[Catalog-sig] getting the public key when --sign is used
mal at egenix.com
Tue Nov 20 09:41:03 CET 2012
On 19.11.2012 22:34, Tarek Ziadé wrote:
> On 11/19/12 7:55 PM, M.-A. Lemburg wrote:
>> On 19.11.2012 19:37, Tarek Ziadé wrote:
>>> I am currently writing a small script to verify that the gpg signature is correct when the --sign
>>> is used with the Distutils upload command, and I was wondering why we don't publish the public key
>>> alongside the .asc file.
>>> Right now, unless I missed something, to verify a signature the user has to manually get the public
>>> key before she
>>> can control the tarball.
>>> Wouldn't it make sense to modify the upload command and add a .pubkey file alongside the archive
>>> and the .asc file on PyPI ? (since we don't have a notion of team/users etc.)
>> Doesn't that cause problems when revoking a public key ?
> That problem still exists as things are today at PyPI -if you sign a package you get an .asc file
> uploaded and
> you need to tell people where is your public key.
> If you change your key, the asc file is not valid anymore.
> I am not sure what would be the best way to do this: maybe we should allow people to update the asc
> files ?
There are two things to consider when revoking a key (e.g. because
it got compromised):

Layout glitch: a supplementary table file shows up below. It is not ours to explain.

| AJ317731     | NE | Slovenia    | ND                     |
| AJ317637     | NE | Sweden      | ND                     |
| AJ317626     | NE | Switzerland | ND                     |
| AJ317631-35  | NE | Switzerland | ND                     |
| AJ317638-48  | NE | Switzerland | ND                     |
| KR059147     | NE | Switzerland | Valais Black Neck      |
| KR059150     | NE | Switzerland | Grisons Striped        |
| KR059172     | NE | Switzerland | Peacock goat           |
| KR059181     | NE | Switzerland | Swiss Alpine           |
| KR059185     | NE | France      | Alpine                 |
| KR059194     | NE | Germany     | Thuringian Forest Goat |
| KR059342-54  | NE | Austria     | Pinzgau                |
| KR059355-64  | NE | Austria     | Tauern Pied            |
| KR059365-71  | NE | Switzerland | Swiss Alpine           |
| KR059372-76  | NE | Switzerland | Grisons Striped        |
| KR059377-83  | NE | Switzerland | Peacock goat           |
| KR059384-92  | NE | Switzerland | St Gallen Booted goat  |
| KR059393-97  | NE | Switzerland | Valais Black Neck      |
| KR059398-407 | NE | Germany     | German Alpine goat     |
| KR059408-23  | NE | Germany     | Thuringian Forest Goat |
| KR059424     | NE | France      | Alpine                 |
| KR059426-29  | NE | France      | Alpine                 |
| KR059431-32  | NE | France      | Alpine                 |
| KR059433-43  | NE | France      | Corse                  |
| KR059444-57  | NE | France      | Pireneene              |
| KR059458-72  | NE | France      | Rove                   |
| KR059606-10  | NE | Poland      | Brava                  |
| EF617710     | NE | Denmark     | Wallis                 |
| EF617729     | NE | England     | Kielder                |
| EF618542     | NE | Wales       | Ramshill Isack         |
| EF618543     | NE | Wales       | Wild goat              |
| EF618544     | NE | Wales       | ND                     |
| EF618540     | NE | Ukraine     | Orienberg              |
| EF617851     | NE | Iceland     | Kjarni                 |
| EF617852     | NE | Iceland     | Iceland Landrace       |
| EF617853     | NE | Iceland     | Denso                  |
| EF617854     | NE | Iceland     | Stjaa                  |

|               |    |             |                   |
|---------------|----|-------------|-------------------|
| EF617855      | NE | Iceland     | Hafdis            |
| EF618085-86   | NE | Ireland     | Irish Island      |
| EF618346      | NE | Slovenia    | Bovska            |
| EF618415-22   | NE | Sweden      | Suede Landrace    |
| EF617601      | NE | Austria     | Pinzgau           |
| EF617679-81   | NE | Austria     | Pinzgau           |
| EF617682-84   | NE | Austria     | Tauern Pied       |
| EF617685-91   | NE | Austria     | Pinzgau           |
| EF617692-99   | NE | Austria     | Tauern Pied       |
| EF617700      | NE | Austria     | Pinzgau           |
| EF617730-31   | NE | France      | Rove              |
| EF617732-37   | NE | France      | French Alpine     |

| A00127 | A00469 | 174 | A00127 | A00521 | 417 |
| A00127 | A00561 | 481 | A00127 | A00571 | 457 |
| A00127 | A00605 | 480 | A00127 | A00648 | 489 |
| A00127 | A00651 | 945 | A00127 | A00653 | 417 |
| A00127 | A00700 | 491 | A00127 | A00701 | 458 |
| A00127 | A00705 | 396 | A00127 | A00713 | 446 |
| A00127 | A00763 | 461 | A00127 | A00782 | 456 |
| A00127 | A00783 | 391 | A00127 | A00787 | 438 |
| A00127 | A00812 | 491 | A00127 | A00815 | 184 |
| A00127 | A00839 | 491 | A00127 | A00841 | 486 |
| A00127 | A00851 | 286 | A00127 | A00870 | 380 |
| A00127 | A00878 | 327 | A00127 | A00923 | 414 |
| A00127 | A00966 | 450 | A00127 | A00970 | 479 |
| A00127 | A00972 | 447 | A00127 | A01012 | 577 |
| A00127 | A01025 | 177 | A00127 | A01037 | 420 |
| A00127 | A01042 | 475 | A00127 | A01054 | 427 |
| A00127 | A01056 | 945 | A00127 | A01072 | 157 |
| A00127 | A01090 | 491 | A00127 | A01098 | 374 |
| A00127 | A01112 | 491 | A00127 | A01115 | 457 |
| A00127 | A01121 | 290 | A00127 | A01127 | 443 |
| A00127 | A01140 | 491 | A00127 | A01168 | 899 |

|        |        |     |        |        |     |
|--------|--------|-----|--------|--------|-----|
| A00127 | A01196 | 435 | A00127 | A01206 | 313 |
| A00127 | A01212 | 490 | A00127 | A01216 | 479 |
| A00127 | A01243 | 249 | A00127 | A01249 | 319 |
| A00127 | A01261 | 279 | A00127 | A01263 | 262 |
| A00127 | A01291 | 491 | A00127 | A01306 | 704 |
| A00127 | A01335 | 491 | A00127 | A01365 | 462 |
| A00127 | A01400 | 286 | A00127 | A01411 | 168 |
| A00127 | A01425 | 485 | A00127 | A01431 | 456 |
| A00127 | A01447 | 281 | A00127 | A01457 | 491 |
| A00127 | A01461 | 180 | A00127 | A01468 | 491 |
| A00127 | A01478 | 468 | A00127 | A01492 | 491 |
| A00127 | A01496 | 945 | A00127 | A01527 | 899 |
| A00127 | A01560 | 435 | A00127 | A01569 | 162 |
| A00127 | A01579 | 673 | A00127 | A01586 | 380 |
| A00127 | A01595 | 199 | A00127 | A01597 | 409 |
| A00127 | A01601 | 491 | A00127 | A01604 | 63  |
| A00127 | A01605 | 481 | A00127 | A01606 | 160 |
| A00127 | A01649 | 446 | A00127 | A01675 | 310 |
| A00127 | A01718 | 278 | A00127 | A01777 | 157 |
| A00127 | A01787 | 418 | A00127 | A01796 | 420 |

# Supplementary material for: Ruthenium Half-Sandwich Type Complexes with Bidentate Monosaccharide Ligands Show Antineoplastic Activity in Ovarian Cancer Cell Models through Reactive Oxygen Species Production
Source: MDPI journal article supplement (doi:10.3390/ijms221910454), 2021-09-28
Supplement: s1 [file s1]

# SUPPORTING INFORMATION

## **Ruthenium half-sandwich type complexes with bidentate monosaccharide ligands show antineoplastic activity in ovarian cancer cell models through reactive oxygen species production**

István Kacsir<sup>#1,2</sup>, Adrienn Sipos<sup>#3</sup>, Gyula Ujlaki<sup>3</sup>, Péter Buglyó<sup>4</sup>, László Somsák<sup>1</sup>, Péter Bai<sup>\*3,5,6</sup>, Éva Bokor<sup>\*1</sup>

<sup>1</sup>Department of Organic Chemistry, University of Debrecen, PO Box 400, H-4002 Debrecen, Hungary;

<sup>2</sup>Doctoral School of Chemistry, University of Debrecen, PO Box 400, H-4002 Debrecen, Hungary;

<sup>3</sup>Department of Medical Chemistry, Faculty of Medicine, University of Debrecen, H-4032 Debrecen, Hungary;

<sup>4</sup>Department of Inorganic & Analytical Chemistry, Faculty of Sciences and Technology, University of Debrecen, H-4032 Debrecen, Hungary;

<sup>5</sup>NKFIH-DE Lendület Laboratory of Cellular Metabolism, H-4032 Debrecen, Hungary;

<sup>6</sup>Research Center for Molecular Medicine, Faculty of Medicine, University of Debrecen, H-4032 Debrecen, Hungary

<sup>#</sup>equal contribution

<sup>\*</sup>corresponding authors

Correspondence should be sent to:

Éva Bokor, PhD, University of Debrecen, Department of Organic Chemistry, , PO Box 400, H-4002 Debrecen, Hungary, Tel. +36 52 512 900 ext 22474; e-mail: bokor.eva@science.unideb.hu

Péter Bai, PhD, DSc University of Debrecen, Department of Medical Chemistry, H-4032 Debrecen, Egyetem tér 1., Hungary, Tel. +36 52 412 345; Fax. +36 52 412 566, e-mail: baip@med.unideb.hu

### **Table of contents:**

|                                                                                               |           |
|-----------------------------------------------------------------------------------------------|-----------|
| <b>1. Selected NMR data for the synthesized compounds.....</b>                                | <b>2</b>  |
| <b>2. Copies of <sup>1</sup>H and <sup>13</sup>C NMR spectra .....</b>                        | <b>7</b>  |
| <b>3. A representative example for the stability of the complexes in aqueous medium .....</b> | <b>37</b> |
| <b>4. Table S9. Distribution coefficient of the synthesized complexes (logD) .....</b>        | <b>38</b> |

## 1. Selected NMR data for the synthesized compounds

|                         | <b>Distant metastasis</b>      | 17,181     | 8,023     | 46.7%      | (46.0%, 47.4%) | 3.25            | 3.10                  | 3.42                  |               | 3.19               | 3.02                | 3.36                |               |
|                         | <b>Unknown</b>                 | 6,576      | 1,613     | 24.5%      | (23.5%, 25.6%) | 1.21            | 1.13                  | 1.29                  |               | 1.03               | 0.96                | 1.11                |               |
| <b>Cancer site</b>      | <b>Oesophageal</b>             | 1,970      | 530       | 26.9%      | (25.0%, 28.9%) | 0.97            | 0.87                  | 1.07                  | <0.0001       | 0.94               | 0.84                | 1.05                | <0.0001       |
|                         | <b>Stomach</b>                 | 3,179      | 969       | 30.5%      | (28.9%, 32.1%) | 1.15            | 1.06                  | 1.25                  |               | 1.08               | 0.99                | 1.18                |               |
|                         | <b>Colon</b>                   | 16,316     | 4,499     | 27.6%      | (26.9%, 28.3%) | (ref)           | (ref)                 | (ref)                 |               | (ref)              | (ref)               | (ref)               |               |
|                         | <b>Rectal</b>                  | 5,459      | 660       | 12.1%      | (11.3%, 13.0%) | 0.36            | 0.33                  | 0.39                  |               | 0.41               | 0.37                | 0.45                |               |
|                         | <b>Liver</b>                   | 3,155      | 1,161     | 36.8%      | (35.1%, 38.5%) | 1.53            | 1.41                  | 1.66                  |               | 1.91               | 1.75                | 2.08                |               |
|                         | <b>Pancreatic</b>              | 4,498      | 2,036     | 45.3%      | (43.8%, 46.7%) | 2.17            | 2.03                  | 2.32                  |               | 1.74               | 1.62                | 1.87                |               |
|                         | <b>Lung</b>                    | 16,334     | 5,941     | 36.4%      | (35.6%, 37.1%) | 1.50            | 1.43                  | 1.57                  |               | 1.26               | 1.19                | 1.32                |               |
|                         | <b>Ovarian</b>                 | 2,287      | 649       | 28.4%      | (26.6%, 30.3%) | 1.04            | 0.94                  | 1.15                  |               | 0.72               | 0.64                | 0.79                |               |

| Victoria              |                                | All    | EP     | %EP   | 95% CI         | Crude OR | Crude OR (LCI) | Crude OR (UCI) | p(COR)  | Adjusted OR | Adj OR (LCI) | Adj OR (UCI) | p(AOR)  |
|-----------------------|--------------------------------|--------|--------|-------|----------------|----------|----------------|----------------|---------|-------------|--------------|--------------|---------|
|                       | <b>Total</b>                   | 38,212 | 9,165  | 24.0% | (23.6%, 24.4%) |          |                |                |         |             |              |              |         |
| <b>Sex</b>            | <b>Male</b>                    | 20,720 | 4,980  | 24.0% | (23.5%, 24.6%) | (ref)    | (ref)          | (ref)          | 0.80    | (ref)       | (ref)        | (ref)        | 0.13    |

1. You need to tell users that the key is revoked
2. You need to be able to resign packages that had been signed using
the revoked key.
For the first requirement, I think PyPI should not try to create a
new PKI, but instead rely on the existing public key servers that
PGP and GPG both know how to work with. Key revocation is part of
this infrastructure, along with many other features that we don't
really want to duplicate in PyPI :-)
For the second requirement, updating the .asc file would be
a solution. Alternatively, the packagers could check the revocation
date and then still allow packages to be installed which were signed
before the revocation happened.
Note that the second requirement may also be needed for expired
keys - unless packagers choose to ignore such expiration, and
accept packages that were signed with a then valid key. This is
how Windows treats expired certificates on installers.
For both methods involving checking the packaging time, you do
need to use a timestamp server to make things waterproof
Aside: These discussions appear a bit academic to me, since
the signatures only add a small bit of extra security to the
whole setup (protection against tampering with the distribution
files on the PyPI server and an extra password entry on the
uploader's side), while making the system a lot more complex.
Apart from the academic challenge, I wonder whether it's worth
the trouble :-)
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